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3 minutes ago, CV75 said:

I'm only addressing the point of view of the one offended, excluded, patronized or ostracized by the custom, not those rigidly holding to or enforcing the custom

When the one offended is a child or youth (which often happens imo when it is modesty or essentially dress code rules), they may not yet have the understanding or capability to turn the experience into something positive.  So I think it is a good idea for adults to work actively to remove unnecessary uniform behaviour for all ages and instead create a sense of community through mutual service to each other.

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3 hours ago, Amulek said:

Unless you are Native American or come from some other culture, long hair on men is generally frowned upon - especially for those in leadership positions.

Also, there seems to be some sort of unwritten rule against bow ties. That may just be a fashion preference thing though. When my sister was serving on Temple Square she distinctly remembered Elder Scott sporting a bow tie from time to time, but he was one of the very few; and, even then, it was something of a rarity.  

And you know what isn't an unwritten rule but should be: removing mechanical watches prior to setting people apart, giving blessings, etc.

Seriously, I understand that Old Man Jacobs needs to know what time it is and, due to his age, he needs a gigantic watch to accomplish that task, but for those of us under his hands it just sounds like Big Ben is clicking away incessantly the entire time he is participating in the ordination. It's really a distraction. 

Now, this is one that may naturally resolve itself over time as Boomers start to age out of callings since they seem to be the ones most likely to wear large, mechanical watches. But, in the meantime, please remove those blasted contraptions. :) 

 

I'm sorry, but watches are making a comeback - mom of an 18 year old who loves them. 

50 minutes ago, mfbukowski said:

So much for stereotypes!  I have millennial children in both categories!  Go figure!

I know a sister who is over 100.  I know what it is to be 50 and we all think that is definitely an "adult"- I think you can even join AARP at 50- and that was only HALF her lifetime.  She has children who have passed on who were in their late 70's when they did so.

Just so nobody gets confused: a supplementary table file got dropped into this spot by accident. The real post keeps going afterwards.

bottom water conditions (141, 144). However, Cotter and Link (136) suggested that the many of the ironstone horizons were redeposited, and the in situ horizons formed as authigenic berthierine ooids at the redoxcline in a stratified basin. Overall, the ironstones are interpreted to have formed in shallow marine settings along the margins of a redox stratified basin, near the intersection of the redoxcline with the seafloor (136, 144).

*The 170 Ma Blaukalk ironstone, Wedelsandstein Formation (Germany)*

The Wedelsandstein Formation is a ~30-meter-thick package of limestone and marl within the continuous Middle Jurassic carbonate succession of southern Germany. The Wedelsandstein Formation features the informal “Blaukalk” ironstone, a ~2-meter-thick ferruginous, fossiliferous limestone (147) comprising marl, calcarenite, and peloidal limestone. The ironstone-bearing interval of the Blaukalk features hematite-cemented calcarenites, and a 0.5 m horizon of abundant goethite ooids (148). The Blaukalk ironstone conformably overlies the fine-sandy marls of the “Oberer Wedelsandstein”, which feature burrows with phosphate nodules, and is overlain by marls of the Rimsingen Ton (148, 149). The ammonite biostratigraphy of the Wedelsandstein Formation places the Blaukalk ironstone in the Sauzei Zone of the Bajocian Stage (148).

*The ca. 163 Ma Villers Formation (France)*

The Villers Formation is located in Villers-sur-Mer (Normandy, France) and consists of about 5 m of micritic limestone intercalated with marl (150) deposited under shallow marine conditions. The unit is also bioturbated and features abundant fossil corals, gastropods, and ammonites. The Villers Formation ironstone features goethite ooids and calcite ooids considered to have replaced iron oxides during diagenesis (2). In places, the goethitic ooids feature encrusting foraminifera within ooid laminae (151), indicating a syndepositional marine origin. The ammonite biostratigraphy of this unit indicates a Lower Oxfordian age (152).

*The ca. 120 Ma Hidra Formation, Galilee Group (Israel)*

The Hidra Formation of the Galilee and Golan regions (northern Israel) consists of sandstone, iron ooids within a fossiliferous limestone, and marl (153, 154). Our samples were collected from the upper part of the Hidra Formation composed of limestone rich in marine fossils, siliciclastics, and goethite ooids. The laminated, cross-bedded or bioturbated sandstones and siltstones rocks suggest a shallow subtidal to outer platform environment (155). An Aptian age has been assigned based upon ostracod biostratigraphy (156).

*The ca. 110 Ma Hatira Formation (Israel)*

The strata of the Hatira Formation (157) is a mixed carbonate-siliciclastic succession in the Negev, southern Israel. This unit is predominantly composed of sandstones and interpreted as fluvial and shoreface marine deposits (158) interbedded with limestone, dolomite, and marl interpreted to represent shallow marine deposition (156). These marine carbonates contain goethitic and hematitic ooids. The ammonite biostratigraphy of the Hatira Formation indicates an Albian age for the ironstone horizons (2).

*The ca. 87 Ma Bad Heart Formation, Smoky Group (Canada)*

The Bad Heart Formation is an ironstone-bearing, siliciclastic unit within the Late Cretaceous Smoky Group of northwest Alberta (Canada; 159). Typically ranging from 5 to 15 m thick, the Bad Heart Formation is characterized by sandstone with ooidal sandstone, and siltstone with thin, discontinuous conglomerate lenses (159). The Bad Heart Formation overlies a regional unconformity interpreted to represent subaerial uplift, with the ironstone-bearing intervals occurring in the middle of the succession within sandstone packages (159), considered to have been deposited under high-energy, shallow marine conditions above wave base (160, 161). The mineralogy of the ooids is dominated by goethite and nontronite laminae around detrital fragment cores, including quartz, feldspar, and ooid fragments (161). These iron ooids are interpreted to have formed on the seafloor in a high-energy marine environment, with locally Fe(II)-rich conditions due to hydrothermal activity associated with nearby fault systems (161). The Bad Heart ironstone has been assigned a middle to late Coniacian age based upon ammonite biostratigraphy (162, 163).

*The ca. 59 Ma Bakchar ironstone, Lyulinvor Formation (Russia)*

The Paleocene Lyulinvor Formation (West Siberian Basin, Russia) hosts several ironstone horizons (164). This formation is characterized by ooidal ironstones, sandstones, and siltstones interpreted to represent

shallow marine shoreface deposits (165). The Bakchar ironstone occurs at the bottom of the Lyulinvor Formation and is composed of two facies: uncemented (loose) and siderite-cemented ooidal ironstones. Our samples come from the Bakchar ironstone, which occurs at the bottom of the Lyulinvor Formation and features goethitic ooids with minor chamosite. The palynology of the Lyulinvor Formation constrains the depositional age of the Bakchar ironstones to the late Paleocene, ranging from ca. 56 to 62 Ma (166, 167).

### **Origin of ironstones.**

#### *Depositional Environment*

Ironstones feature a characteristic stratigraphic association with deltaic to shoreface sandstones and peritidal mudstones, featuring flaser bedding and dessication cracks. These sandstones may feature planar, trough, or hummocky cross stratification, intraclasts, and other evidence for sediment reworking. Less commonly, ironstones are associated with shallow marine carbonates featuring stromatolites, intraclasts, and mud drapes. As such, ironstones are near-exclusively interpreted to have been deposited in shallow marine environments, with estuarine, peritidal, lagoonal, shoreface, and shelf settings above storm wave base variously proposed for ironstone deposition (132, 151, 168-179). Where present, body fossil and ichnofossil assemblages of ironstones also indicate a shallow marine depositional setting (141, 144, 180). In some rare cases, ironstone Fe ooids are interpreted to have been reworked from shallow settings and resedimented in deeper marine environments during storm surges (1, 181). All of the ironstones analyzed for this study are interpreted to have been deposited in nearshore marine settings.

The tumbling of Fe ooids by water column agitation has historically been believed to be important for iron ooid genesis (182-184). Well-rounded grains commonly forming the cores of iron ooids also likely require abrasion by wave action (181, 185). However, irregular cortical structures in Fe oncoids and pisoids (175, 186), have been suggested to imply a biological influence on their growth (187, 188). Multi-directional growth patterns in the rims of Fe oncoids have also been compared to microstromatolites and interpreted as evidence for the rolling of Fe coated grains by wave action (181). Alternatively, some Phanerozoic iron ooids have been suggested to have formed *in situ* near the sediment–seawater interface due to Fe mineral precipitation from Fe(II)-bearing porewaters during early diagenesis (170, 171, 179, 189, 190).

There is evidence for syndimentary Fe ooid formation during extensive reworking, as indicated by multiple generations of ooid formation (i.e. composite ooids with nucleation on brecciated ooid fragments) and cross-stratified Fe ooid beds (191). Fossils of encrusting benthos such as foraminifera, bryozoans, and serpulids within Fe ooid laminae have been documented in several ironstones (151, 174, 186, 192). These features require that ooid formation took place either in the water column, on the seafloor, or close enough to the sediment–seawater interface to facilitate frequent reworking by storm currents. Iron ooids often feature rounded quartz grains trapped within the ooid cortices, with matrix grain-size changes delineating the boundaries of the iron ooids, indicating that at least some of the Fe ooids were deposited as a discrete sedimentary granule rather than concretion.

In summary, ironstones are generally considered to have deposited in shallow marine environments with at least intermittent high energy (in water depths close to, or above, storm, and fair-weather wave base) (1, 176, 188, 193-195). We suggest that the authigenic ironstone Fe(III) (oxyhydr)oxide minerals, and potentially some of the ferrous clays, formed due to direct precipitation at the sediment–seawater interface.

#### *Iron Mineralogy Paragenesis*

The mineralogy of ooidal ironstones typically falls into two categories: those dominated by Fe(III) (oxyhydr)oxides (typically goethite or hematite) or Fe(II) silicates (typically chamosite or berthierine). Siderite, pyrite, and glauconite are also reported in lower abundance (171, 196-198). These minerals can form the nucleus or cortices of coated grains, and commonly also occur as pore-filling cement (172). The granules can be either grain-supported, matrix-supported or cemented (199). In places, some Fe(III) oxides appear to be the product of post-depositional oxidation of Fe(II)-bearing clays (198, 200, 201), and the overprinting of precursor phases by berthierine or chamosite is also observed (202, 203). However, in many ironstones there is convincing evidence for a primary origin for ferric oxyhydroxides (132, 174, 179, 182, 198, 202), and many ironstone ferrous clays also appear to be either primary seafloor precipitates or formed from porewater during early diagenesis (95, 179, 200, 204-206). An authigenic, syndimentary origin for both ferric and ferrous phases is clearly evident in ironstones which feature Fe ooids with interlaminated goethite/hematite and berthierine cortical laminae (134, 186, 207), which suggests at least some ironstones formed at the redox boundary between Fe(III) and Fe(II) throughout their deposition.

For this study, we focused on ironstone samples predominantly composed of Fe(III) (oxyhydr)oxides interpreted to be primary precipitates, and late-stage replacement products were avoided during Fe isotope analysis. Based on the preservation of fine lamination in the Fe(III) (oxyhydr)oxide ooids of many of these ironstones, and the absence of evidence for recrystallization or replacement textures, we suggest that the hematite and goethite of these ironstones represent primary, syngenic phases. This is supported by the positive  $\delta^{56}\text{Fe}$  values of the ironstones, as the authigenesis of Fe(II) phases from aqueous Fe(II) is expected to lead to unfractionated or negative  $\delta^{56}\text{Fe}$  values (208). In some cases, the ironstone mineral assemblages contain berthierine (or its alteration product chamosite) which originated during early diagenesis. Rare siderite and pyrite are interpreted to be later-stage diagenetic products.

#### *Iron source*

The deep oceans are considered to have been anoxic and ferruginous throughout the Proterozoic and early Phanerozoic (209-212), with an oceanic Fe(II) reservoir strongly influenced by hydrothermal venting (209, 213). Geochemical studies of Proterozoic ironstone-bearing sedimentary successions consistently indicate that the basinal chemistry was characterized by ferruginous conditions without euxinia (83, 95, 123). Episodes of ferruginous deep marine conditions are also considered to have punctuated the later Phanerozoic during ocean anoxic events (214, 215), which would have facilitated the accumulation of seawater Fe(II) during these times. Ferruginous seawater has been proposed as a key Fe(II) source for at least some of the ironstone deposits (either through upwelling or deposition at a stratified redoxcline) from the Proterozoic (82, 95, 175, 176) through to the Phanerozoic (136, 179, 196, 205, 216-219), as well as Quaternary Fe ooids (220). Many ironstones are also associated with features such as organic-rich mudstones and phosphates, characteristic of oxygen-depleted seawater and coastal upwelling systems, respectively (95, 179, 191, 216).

It's hard to imagine living that long, but think about ETERNITY?  Holy cow!  It is unimaginable!

Yes. I did. 

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Several have mentioned the handbook. If it is in the handbook, is it assumed that it is not gilding the lily?

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6 hours ago, smac97 said:

.................

Which, if any, of these are based on doctrine / scriptures?  

Which are based on tradition/custom?

Which are based on simple convenience?

Which, if any, are problematic in your view?  Why?

Are any of these "gilding the lily" (meaning "try{ing} to improve what is already beautiful or excellent")?....................

Apart from the formal blessings specified in Scripture, almost all of the actions mentioned by you are customary/traditional practices which began as part of modern Protestant communion culture.  Were we to go back to early Jewish Christianity in Jerusalem, as presided over by Peter and his Brethren, we might see some wide variations, including an Aramaic liturgy which merely contains the essentials (but not the exact words) of what we say today -- and what was said in 5th century Nephite congregations.  The clothing and procedure might have differed markedly from current practice, likely eating unleavened bread (matzo) and drinking wine from a common cup.  Those of the diaconate (Levites) and the officiating priests (kohanim) would likely have been adults, rather than the youth we now see passing the Sacrament of the Lord's Supper.  They would likely have worn their priestly robes, just as they would in a Jewish synagogue.  Indeed, the early Christian Church met as a synagogue (James 2:2).